The sky coverage and performance of laser guide star (LGS) adaptive optics (AO) systems is limited by the natural guide star (NGS) used for low order correction. This limitation can be dramatically reduced by measuring the tip and tilt of the NGS in the near-infrared where the NGS is partially corrected by the LGS AO system and where stars are generally several magnitudes brighter than at visible wavelengths. We present the design of a near-infrared tip-tilt sensor that has recently been integrated with the Keck I telescope’s LGS AO system along with some initial on-sky results. The implementation involved modifications to the AO bench, real-time control system, and higher level controls and operations software that will also be discussed. The tip-tilt sensor is a H2RG-based near-infrared camera with 0.05 arc second pixels. Low noise at high sample rates is achieved by only reading a small region of interest, from 2×2 to 16×16 pixels, centered on an NGS anywhere in the 100 arc second diameter field. The sensor operates at either Ks or H-band using light reflected by a choice of dichroic beamsplitters located in front of the OSIRIS integral field spectrograph.
The W. M. Keck Observatory recently completed an upgrade to the Shutter Drive System on the Keck 1 dome. Due to three major failures on the shutters we decided to undertake a multimillion dollar, multiyear effort to upgrade the drive system. The intention was to increase the system safety factors, to prevent potential problems, to improve maintenance of the system, and to add the capability of the shutter being used as a tracking windscreen, reducing wind effects on the telescope, thereby improving observing. Our solution included the replacement of the drive system with a new drive train and control mechanism, as well as various modifications to existing infrastructure. We'll describe the project from inception to conclusion, and illustrate various approaches helpful to managing this large project while minimizing observatory downtime. We'll discuss control schemes, safety features, failure mode investigations and some heat dissipation concerns. We'll also describe work scheduling, and some prototyping options helpful to ensure success of the project. Finally we'll present some lessons learned from retrofitting a large, essential system of an operating telescope.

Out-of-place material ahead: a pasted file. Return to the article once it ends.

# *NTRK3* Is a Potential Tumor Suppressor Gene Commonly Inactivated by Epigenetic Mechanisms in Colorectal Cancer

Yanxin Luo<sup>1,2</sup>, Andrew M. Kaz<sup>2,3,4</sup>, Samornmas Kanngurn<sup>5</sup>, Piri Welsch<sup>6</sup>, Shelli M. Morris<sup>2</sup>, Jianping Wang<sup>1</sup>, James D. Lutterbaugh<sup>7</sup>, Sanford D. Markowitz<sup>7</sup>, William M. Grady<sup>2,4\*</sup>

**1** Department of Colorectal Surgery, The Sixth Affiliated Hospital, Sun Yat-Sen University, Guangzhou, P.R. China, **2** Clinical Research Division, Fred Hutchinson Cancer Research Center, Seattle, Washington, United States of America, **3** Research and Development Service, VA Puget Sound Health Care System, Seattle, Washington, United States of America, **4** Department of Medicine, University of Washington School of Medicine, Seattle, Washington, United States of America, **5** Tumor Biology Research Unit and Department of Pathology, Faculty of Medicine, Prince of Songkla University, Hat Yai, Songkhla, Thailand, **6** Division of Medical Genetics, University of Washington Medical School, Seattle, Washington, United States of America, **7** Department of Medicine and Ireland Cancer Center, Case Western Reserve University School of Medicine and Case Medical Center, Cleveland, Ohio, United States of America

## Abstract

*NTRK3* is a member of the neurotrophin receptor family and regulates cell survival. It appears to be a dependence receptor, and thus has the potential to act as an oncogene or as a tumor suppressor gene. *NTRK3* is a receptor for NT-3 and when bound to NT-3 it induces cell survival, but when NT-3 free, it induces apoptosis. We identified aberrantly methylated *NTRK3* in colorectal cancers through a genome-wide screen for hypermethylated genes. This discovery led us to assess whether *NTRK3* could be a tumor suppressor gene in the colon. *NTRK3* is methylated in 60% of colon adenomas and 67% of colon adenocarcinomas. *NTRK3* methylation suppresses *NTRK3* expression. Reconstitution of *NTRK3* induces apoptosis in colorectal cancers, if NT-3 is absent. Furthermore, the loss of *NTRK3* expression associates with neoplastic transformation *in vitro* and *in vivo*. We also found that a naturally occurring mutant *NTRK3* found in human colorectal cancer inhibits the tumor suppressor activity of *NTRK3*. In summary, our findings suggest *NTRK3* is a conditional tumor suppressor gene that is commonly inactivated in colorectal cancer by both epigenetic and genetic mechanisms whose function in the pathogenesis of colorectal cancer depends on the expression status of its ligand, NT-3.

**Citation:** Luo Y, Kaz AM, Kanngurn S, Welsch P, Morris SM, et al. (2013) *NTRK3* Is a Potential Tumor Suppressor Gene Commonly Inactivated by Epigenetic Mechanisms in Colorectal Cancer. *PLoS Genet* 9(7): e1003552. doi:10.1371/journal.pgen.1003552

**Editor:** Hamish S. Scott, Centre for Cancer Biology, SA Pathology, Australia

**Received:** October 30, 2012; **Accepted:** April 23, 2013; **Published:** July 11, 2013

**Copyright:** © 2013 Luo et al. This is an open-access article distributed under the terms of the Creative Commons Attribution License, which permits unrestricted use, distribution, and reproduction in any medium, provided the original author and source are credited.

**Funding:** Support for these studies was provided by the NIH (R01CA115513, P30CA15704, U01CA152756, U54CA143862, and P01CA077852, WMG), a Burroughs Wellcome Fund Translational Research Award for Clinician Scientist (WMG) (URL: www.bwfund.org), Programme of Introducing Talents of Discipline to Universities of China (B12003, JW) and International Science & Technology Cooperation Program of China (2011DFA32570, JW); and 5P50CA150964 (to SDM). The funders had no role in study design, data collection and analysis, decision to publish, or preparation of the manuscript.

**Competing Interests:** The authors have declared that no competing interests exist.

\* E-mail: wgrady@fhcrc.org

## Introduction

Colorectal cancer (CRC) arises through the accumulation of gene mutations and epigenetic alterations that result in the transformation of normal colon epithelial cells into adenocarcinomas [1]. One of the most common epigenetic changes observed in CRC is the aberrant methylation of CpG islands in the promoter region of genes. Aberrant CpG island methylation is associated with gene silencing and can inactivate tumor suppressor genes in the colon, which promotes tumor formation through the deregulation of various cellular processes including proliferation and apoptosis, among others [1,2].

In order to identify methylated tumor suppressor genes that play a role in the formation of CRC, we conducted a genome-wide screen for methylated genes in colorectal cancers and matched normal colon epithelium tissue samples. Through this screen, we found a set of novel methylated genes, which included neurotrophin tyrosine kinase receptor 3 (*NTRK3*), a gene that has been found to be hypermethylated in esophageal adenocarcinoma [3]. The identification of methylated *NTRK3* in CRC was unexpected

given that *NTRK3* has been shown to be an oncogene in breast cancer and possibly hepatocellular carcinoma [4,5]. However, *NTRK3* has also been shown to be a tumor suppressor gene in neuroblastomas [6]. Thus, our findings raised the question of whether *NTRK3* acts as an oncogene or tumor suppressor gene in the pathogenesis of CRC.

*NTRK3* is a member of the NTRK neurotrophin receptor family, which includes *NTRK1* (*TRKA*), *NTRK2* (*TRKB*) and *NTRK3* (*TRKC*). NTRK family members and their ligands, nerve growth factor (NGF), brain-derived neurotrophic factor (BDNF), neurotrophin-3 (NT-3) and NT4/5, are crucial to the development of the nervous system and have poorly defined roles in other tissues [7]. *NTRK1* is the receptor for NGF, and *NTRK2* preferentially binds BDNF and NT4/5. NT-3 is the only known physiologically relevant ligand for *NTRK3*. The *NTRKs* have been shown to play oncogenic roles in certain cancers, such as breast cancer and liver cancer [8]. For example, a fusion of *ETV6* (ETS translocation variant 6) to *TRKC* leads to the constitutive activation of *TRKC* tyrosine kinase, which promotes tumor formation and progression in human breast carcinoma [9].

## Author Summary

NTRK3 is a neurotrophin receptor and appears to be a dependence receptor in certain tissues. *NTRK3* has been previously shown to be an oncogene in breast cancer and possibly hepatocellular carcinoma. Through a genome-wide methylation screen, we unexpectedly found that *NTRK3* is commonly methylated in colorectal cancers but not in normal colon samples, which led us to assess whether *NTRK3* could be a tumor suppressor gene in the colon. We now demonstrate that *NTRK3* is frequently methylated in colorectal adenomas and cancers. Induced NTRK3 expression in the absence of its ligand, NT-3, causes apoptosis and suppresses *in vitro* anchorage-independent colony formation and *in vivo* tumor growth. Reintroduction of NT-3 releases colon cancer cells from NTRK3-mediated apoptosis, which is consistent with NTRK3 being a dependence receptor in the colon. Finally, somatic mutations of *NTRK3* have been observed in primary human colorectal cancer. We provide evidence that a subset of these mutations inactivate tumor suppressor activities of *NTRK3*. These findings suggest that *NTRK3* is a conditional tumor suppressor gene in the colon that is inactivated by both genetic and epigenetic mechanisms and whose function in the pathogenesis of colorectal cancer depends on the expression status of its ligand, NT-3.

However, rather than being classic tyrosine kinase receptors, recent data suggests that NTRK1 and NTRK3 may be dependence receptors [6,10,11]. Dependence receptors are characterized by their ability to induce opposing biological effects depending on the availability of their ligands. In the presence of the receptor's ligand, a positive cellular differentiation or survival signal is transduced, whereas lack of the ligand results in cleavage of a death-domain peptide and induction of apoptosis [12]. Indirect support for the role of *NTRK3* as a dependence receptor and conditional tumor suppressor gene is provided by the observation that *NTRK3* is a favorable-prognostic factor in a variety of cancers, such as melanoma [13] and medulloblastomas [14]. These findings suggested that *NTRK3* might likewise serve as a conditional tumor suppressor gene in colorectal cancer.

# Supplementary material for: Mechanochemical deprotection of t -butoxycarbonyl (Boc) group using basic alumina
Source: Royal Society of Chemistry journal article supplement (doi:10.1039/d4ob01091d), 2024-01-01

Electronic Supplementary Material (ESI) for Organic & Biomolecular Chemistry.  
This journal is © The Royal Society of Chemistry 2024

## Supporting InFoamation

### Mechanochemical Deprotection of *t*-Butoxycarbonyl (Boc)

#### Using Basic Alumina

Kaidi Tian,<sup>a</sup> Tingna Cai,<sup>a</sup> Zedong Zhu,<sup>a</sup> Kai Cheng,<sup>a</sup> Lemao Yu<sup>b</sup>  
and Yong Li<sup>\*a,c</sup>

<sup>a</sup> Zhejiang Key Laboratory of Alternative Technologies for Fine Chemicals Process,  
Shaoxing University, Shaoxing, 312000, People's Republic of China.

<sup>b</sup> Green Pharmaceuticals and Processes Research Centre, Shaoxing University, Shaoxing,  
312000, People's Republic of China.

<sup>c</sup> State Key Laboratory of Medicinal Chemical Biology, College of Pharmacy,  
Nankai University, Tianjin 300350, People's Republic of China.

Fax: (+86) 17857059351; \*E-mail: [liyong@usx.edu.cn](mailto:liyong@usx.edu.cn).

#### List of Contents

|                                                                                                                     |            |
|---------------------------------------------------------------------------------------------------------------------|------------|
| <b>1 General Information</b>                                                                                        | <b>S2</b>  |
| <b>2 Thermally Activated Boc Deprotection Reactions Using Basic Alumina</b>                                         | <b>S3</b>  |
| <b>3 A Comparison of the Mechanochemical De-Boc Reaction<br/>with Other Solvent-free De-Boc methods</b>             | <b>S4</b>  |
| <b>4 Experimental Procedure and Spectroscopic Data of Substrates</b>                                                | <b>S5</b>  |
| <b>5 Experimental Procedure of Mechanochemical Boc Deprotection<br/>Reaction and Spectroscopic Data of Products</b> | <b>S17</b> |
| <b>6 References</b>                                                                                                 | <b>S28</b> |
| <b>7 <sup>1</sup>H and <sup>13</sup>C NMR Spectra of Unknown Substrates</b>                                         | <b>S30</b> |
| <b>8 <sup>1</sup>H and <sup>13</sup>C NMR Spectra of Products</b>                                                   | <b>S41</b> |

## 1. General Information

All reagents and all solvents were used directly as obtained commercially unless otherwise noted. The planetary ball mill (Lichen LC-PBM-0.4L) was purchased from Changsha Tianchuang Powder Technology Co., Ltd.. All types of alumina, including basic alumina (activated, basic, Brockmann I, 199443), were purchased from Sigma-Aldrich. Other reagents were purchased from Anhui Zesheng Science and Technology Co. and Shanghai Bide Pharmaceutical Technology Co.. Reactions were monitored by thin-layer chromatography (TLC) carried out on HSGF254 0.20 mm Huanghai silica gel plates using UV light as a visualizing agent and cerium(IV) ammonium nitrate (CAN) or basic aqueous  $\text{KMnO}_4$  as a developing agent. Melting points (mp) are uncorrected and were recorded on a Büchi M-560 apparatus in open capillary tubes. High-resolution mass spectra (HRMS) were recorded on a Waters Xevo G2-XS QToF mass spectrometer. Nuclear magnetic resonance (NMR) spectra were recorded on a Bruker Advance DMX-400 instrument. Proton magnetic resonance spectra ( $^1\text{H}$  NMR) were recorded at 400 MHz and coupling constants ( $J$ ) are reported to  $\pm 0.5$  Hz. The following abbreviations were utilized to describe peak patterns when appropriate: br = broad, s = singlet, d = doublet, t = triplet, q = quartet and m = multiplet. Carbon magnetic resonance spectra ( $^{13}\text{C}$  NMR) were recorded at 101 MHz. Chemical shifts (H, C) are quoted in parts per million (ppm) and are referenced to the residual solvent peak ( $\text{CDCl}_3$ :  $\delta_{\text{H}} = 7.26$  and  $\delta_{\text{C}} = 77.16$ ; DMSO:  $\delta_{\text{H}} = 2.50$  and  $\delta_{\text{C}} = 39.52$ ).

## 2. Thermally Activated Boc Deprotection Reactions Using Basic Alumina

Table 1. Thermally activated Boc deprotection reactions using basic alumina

The W. M. Keck Observatory is in the process of formalizing its engineering process across the observatory. Over the years we have developed separate systems in separate departments; we are now creating a unified workflow and documentation system. We'll discuss the context, and propose a process for implementation. We'll describe resources, functions, and tools required for effective development and maintenance of any engineering process. The astronomy community is different from a typical manufacturing environment, and implications for off-the-shelf solutions as well as custom developments will be presented in the context of being an appropriate solution to our type of organization.
Specific focus will be placed on the role of documentation as part of this process. We'll discuss different types of documentation and implications for long-term maintenance. We'll describe collaboration tools for both internal and external development and maintenance. We'll discuss paper documentation and current parametric CAD models, and how to maintain those for the life of the observatory. We'll present tools for fast search and retrieval of this information. Finally we'll present lessons learned that may be applied to any such a process.
The W.M. Keck Observatory is conducting a focused effort to identify and mitigate facility vibrations that significantly affect optimal optical performance. This effort should improve the performance of both Keck adaptive optics systems, the laser guide star, the AO instruments, and the interferometer, and will benefit future high precision instruments.
We present our strategy for mitigating vibrations in a large ground-based telescope. Our approach is to establish reasonable confidence in identifying the facility vibration sources that most significantly deteriorate optical performance. For the interferometer we completed vibration surveys that correlate vibrations on the interferometer beam path with direct vibration measurements on the telescope structure and facility. We developed a metric to evaluate the effect of vibrations on the entire interferometer beamline. From our surveys, we prioritized facility components to be addressed, and developed approaches to mitigate key vibrations contributions. Initial results show large local improvements, and global improvements to our vibration environment.